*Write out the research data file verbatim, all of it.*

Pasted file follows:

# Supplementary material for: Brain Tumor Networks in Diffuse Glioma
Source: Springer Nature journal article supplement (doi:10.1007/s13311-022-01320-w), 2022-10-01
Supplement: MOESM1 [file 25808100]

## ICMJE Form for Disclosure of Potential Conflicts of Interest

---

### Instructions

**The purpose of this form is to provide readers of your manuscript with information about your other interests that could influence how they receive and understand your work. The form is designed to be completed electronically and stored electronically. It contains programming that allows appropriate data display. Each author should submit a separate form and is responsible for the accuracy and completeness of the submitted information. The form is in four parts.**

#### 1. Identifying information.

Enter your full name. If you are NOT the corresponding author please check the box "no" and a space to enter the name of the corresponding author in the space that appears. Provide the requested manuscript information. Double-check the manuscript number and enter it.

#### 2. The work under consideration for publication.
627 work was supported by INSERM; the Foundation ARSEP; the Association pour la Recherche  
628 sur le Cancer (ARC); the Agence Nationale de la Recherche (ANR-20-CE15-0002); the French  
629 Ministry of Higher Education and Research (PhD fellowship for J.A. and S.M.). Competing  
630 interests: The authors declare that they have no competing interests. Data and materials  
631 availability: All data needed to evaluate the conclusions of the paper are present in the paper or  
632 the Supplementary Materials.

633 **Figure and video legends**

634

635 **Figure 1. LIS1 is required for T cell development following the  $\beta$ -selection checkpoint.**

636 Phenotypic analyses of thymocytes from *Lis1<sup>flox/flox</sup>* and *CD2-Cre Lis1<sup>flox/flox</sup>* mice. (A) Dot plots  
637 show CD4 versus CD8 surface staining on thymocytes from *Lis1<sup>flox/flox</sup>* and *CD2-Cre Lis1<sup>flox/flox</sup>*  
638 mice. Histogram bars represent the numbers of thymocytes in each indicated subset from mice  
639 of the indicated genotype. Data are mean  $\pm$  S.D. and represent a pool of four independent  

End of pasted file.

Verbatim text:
# Supplementary material for: Brain Tumor Networks in Diffuse Glioma
Source: Springer Nature journal article supplement (doi:10.1007/s13311-022-01320-w), 2022-10-01
Supplement: MOESM1 [file 25808100]

## ICMJE Form for Disclosure of Potential Conflicts of Interest

---

### Instructions

**The purpose of this form is to provide readers of your manuscript with information about your other interests that could influence how they receive and understand your work. The form is designed to be completed electronically and stored electronically. It contains programming that allows appropriate data display. Each author should submit a separate form and is responsible for the accuracy and completeness of the submitted information. The form is in four parts.**

#### 1. Identifying information.

Enter your full name. If you are NOT the corresponding author please check the box "no" and a space to enter the name of the corresponding author in the space that appears. Provide the requested manuscript information. Double-check the manuscript number and enter it.

#### 2. The work under consideration for publication.
627 work was supported by INSERM; the Foundation ARSEP; the Association pour la Recherche  
628 sur le Cancer (ARC); the Agence Nationale de la Recherche (ANR-20-CE15-0002); the French  
629 Ministry of Higher Education and Research (PhD fellowship for J.A. and S.M.). Competing  
630 interests: The authors declare that they have no competing interests. Data and materials  
631 availability: All data needed to evaluate the conclusions of the paper are present in the paper or  
632 the Supplementary Materials.

633 **Figure and video legends**

634

635 **Figure 1. LIS1 is required for T cell development following the  $\beta$ -selection checkpoint.**

636 Phenotypic analyses of thymocytes from *Lis1<sup>flox/flox</sup>* and *CD2-Cre Lis1<sup>flox/flox</sup>* mice. (A) Dot plots  
637 show CD4 versus CD8 surface staining on thymocytes from *Lis1<sup>flox/flox</sup>* and *CD2-Cre Lis1<sup>flox/flox</sup>*  
638 mice. Histogram bars represent the numbers of thymocytes in each indicated subset from mice  
639 of the indicated genotype. Data are mean  $\pm$  S.D. and represent a pool of four independent  